In order for the baby to come out, the cervix has to be open. When the baby is coming, the cervix becomes shorter and thinner. When the cervix has dilated, the opening where the baby enters the vagina is usually around 10 centimetres in diameter.
Latent phase - Latensfasen
The first part of the labour is sometimes called the latent phase. During this phase, the body starts preparing for the more active stage of labour, when the baby is actually birthed. The latent phase can last up to twenty hours. Sometimes longer.
The delivery normally begins with contractions, i.e. when the uterus begins contracting. The contractions in the latent phase prepare the uterus for birthing the baby. They help the cervix to soften, become shorter and begin to dilate.
The first contractions usually feel like menstrual cramps. They normally start out being irregular. Sometimes, there is a long pause between contractions.
The delivery can also start with some light bleeding from the vagina. This is called a bloody show.
Try to relax
In the latent phase, you are usually still at home and can take it easy. It is good if you can try to relax and save your strength. You can take painkillers with paracetamol if you need to. Heat and massage can also help with the pain.
This stage can be hard, because you are in almost constant, light pain.
Contact the delivery ward
During the latent phase, it is time to call a delivery ward. This also lets them plan for your arrival. You can also receive advice and tips if needed.
You may need to go to the delivery ward if the latent phase lasts more than 24 hours. They can give you medical pain relief when you are giving birth. The pain relief can help you rest, so that you are not exhausted by the time the second stage begins.
The labour sometimes has to be induced. The midwife can burst the amniotic sac to make the waters break. You may also be put on a drip to induce labour.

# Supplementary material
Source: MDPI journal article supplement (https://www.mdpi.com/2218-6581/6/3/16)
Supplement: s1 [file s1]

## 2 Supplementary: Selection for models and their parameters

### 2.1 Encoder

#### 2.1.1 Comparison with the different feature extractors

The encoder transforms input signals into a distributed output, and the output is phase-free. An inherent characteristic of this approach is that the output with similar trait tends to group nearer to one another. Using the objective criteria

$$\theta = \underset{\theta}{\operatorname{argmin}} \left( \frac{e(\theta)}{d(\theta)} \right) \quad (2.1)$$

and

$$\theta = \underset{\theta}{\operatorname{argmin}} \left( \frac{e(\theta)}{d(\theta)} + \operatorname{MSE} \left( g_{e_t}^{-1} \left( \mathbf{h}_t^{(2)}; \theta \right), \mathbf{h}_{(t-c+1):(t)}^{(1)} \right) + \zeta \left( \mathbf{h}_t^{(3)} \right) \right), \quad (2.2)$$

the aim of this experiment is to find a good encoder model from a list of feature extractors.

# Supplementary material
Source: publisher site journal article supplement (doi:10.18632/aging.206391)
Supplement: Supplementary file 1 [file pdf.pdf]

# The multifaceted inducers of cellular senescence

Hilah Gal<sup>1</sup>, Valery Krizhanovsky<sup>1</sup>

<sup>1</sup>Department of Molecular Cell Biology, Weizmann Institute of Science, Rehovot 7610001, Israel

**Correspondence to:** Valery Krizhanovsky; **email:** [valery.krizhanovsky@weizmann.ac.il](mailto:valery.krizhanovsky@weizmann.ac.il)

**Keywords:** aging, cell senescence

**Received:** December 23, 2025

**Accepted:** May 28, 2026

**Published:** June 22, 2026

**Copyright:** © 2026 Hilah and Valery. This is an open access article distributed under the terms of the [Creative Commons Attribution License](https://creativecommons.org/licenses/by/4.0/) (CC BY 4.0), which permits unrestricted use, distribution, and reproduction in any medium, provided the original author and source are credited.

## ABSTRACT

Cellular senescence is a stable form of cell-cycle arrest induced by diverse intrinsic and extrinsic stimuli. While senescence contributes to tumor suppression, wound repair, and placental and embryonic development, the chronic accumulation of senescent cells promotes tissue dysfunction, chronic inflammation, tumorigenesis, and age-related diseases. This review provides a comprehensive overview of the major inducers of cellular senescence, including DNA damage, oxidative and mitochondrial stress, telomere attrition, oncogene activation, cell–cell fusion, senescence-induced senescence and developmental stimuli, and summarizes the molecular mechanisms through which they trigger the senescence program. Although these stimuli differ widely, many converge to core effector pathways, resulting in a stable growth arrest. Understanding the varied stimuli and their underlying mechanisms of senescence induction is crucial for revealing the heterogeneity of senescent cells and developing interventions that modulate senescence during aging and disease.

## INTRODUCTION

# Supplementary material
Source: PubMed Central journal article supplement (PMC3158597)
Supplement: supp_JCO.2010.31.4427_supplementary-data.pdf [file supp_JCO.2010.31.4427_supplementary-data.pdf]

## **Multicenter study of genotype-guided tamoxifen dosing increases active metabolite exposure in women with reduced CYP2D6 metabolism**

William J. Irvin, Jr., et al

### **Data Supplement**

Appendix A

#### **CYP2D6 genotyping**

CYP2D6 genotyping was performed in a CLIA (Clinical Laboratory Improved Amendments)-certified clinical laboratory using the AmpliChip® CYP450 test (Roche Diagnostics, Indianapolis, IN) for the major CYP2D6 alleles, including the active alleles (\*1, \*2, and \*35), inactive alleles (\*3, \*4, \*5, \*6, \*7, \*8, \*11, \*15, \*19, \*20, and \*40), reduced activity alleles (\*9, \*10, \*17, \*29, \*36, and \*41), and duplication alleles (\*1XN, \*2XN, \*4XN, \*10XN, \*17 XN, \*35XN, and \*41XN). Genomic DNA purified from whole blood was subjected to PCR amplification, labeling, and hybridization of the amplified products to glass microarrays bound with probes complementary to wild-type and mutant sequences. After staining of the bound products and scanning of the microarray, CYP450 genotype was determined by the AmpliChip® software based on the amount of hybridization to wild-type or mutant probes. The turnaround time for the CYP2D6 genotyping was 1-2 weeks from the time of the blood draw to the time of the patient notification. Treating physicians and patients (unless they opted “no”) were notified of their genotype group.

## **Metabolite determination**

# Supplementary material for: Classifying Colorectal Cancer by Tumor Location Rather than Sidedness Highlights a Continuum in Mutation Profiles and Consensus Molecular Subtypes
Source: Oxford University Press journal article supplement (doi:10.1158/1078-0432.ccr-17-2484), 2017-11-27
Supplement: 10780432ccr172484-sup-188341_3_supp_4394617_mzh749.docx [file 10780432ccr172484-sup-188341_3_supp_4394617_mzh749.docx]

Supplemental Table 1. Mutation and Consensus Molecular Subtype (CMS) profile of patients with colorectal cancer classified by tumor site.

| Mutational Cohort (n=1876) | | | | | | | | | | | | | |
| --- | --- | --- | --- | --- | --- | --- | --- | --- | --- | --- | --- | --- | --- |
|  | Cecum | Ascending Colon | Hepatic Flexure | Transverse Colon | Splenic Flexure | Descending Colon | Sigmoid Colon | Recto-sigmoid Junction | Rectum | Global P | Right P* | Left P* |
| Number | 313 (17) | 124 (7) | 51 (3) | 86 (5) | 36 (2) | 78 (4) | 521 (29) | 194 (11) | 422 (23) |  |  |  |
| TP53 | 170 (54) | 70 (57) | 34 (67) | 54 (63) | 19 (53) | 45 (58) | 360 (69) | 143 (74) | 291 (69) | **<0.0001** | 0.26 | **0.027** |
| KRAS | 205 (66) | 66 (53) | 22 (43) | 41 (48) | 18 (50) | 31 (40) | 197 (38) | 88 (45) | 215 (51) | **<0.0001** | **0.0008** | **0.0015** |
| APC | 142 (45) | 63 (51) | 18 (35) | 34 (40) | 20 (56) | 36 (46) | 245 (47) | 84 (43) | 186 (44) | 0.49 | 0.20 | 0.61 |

The delivery sometimes starts with broken waters or heavy contractions
Sometimes, you hardly notice the latent phase. In that case, you have heavy contractions from the start, and when you arrive to the delivery ward, the cervix is already several centimetres open.
Some deliveries begin when the amniotic sac bursts and amniotic water comes out of the vagina.
The active phase - Öppningsskedet
The latent phase is followed by the active phase. This is the time when the cervix opens fully for the baby to enter the vagina. During the active phase, the contractions become stronger. They also get longer and come more regularly. When that happens, it can be time to go to the delivery ward. They can help you manage the pain. It can sometimes be hard to know when it is time to go to the delivery ward. You can always call the delivery ward for advice.
The first time usually takes the longest
The first time you give birth vaginally, the cervix usually dilates roughly half a centimetre per hour. But it can go both quicker and slower. The cervix usually dilates more rapidly if you have given birth before, perhaps one centimetre per hour.
Towards the end of the active phase, the baby’s head passes a place in the pelvis called the ischial spines. This is a narrow place for the baby’s head to pass through. You may therefore feel pressure against the pelvic bones. You may also feel nauseous. Some people vomit at this point.
After the ischial spines, the baby must pass down towards the pelvic floor. This requires more contractions, before it is time for the next stage of the birth.
The second stage of labour – pushing and giving birth - Utdrivningsskedet – att krysta
The second stage of labour consists of the actual birth. At this point, the baby has descended far enough into the pelvis that it is time to push it out through the vagina. You will normally feel the urge to bear down and push. When you have a contraction, you may feel like you need to empty your bowels.